1975 canceled shows in Indonesia and Taiwan after Matty Healy’s antics in Malaysia sparked a backlash

The 1975 Matty Healy

1975 canceled their upcoming shows in Indonesia and Taiwan after a headline gig in Malaysia saw frontman Matty Healy attack the country’s anti-LGBTQ+ stance and kiss the band’s bassist on stage.

Healy’s actions were criticized by local LGBTQ+ activists, who described his on-stage antics as “giving rise to a white savior complex” and said the incident could put the country’s queer community at greater risk in the run-up to Malaysia’s state elections.

After Healy’s rash behavior led to the band being banned from playing in Malaysia and the next two days of the Good Vibes Festival being shut down, The 1975 have confirmed that they will no longer be appearing at We The Fest in Jakarta, Indonesia, or the Taipei Music Center in the Taiwanese capital.

On Friday (21 July), the band were headlining the first day of the Good Vibes Festival when Healy began speaking out against the southeast Asian country’s anti-LGBTQ+ laws, telling the crowd it was a “mistake” to come out in Malaysia.

“I don’t see the f**king point, right,” he said. “I don’t see the point of inviting The 1975 to a country and then telling us who we can have sex with.” The 34-year-old singer-songwriter then shared a kiss with bandmate Ross MacDonald and played “I Like America & America Likes Me”, before their set was cut short after just 30 minutes.

Homosexuality is illegal in Malaysia, where both sexes can be punished with fines, caning and up to 20 years in prison. There are no rights or protections for the LGBTQ+ community and the gender expression of trans people is outright criminalized.

Matty Healy of The 1975 headlines the TRNSMT Festival at Glasgow Green on 9 July 2023 in Glasgow, Scotland. (Roberto Ricciuti/Redferns)

On Saturday (22 July), the festival was announced in a statement shared on social media that the next two days of the event will not go ahead. Good Vibes Festival confirmed that they were ordered to cancel by the Malaysian Ministry of Communications and Digital, due to Healy’s “conduct and remarks”.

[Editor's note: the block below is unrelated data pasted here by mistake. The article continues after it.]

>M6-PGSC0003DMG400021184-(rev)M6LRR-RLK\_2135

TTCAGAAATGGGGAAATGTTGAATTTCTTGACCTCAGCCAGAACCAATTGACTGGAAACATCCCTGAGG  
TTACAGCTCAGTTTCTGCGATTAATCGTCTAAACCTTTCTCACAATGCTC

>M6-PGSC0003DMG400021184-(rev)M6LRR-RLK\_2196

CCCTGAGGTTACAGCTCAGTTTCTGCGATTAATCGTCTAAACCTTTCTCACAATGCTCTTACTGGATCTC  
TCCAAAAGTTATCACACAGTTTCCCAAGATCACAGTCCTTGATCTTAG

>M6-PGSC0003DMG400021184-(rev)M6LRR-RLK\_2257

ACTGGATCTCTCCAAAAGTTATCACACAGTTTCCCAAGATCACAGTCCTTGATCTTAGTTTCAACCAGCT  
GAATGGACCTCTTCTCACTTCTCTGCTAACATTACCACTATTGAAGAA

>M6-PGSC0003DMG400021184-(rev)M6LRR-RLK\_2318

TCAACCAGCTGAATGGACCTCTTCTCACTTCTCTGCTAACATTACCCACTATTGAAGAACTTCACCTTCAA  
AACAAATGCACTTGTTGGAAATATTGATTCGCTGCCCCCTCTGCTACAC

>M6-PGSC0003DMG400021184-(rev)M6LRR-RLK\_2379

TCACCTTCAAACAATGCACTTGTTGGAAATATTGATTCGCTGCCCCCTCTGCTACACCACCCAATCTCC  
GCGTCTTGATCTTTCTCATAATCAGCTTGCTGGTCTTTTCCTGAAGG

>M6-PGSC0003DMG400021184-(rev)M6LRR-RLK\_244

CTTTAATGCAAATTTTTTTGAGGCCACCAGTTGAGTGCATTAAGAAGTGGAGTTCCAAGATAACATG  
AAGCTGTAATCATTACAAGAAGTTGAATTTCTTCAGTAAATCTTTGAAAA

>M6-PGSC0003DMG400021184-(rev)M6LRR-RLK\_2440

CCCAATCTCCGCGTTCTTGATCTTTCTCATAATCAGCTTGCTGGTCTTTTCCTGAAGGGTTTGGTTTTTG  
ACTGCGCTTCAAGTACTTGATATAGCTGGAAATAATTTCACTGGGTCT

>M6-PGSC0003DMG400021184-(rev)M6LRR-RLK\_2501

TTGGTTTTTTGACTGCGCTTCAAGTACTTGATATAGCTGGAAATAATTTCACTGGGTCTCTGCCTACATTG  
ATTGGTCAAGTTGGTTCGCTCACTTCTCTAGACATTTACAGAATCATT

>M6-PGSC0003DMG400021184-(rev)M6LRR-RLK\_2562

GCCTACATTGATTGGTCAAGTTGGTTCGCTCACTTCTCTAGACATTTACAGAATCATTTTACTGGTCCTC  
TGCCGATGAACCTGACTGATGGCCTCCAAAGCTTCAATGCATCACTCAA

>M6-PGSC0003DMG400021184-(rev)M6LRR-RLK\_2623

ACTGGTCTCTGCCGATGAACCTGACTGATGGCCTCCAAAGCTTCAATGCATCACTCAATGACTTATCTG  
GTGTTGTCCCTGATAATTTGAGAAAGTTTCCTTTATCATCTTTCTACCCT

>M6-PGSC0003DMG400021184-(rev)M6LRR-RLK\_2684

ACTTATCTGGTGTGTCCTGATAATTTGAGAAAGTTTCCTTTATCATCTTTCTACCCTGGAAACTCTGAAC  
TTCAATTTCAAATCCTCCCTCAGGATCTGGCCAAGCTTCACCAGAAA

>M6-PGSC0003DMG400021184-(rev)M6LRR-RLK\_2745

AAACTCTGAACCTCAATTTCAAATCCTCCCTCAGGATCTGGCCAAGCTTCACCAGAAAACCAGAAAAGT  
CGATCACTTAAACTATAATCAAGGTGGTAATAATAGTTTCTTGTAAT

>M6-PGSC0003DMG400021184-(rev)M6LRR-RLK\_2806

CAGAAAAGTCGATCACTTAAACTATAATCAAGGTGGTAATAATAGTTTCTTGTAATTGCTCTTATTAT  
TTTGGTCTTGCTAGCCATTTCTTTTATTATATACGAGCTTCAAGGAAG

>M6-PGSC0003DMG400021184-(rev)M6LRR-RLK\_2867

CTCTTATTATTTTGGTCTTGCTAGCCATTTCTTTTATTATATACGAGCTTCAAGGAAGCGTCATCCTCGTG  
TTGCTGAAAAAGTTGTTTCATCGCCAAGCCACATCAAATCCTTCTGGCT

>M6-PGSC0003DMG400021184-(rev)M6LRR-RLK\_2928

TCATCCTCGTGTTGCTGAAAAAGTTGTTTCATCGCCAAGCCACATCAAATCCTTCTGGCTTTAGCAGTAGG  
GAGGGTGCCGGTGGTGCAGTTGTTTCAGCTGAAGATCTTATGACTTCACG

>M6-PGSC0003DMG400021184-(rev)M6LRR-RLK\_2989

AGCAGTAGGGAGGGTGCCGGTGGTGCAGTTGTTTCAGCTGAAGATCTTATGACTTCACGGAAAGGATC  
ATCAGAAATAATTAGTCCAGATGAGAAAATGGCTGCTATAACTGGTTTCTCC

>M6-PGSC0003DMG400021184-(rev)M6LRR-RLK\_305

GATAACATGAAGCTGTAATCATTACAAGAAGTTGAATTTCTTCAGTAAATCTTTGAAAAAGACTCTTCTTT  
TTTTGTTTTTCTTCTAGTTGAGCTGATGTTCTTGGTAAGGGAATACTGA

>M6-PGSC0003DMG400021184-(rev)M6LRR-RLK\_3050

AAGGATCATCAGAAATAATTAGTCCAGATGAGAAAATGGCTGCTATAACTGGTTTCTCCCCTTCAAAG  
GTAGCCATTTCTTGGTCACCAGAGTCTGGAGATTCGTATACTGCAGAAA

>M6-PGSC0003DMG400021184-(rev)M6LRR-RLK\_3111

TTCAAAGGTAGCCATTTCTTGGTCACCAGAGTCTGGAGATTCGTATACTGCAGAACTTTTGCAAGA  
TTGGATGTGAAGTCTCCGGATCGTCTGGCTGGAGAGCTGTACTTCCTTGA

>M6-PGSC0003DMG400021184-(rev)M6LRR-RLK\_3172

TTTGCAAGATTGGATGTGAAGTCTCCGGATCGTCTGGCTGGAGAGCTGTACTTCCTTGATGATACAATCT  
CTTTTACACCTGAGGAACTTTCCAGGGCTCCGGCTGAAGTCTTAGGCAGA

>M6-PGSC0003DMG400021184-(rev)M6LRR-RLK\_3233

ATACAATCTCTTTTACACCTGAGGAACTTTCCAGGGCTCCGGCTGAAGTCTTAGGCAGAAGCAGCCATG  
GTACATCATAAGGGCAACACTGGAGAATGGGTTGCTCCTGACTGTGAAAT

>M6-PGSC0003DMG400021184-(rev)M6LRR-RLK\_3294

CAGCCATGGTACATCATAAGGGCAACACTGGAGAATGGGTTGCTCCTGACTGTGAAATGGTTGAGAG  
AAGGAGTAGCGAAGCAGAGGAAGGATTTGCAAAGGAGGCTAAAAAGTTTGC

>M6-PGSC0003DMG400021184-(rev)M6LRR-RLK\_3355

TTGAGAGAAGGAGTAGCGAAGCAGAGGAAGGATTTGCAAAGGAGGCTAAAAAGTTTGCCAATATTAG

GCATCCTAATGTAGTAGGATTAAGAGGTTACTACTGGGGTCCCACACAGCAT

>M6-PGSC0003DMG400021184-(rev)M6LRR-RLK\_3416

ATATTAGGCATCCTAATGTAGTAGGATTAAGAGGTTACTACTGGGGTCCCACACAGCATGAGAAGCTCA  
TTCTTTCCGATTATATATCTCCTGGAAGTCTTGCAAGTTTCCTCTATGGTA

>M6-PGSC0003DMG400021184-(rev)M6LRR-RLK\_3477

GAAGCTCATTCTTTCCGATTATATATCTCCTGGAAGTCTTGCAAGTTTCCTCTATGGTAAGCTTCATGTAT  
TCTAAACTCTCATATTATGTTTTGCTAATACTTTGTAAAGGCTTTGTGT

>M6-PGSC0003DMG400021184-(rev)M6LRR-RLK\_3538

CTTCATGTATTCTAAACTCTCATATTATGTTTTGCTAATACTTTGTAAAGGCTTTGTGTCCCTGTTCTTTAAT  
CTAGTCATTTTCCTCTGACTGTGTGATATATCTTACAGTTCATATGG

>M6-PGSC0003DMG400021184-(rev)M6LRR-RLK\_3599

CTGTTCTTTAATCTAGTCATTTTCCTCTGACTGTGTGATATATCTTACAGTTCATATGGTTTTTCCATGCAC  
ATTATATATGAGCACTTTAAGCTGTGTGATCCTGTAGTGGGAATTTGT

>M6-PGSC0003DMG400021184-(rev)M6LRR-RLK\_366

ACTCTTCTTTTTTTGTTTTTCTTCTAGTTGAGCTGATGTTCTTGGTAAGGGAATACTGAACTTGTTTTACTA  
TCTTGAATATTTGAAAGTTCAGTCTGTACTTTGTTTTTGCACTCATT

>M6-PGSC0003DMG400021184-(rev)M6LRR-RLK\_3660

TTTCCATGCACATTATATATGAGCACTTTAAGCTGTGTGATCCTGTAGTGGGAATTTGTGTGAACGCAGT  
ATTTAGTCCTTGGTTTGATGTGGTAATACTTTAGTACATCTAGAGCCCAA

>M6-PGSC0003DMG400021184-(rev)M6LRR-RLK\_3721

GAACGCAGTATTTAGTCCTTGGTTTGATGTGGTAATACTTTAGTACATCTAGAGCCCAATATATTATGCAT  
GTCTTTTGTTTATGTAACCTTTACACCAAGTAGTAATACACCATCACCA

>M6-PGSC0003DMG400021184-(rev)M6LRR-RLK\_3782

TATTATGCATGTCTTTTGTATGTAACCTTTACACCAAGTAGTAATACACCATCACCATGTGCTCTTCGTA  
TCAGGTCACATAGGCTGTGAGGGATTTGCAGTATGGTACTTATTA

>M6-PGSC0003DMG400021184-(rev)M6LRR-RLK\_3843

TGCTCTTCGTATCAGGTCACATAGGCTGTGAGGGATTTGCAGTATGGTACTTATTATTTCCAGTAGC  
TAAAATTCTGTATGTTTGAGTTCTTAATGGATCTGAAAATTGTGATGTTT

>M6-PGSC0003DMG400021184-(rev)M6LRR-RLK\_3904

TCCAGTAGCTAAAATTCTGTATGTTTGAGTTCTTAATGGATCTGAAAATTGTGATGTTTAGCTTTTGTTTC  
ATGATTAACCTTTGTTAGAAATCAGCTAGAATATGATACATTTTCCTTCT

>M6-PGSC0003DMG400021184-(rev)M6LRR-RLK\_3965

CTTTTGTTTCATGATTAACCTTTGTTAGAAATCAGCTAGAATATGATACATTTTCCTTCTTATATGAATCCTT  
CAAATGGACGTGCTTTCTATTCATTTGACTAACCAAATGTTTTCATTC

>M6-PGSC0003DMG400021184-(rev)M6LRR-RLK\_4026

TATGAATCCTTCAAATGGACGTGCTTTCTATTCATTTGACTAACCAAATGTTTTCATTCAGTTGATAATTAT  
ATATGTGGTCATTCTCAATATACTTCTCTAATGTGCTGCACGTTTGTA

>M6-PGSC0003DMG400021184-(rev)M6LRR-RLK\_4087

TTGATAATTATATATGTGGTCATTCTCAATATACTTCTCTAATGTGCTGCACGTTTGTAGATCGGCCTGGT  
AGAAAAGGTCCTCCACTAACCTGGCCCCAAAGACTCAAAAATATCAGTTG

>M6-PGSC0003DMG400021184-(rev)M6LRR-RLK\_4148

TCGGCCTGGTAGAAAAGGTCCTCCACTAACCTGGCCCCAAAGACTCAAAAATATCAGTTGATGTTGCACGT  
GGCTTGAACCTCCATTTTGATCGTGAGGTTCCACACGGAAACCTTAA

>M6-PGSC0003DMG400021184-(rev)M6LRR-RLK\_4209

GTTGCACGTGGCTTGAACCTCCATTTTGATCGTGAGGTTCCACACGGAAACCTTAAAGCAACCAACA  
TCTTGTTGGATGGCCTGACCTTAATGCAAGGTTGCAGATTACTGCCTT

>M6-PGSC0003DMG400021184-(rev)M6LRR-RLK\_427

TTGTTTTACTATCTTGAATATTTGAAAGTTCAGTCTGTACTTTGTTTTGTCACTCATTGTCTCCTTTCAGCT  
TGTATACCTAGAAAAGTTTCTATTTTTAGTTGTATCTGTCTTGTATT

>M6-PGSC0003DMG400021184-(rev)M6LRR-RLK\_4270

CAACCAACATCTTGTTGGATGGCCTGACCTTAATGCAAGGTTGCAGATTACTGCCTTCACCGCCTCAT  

LGBTQ+ Malaysians are calling out Matty Healy’s actions

LGBTQ+ locals have expressed concerns that Healy’s behavior at the festival could lead to more discrimination and political attacks on the queer community in Malaysia.

Thilaga Sulathireh, a founder of the LGBTQ+ group Justice for Sisters, said Healy’s actions were particularly troubling in the lead-up to state elections in the country.

“One can appreciate the meaning of Healy’s protest, but I think the timing of it may not necessarily benefit people,” Sulathireh told the Washington Post. “Political parties are currently campaigning, and we know that LGBT issues are often glossed over.”

Malaysian drag queen Carmen Rose agreed, telling the BBC World Service’s Newshour that Healy’s actions would give conservative politicians “more ammo to push their homophobic agenda to get votes”.

Rose called the antics on stage “performative” and “indulging the white savior complex”, and went on to say Healy was “not doing this for our community”.

“If he’s doing this for our community,” he continued, “he’ll know what the consequences are that we have to go through.”

1975 canceled tour dates in Indonesia and Taiwan

The British indie band are set to play in Indonesia and Taiwan as part of their ongoing ‘Still … At Their Very Best’ tour

Indonesia is the largest Muslim-majority country in the world, and while most parts do not criminalize homosexuality – Aceh province is an exception – there are no specific laws protecting the LGBTQ+ community against hate crimes or discrimination.

In 2019, Taiwan became the first country in Asia to legalize same-sex marriage, and this year passed ground-breaking legislation to give same-sex couples full adoption rights.

In a statement shared on the We The Fest Instagram page, The 1975 said: “The band never decides to cancel a show lightly and is very eager to play for the fans in Jakarta and Taipei but unfortunately, due to the current circumstances, it is impossible to continue with the scheduled shows.”

Healy previously faced criticism for kissing a male fan at a show in Dubai in 2019, as sexual activity between men is illegal in the United Arab Emirates.

Local LGBTQ+ activists warned that Healy may have put the fan at risk with his actions. After the gig, Healy tweeted: “Thank you Dubai, you were so amazing. I don’t think we’ll be allowed back due to my ‘behaviour’ but know that I love you and I wouldn’t do anything differently given the chance again.”

Healy later said he regretted the decision and that he had been “quite irresponsible”.


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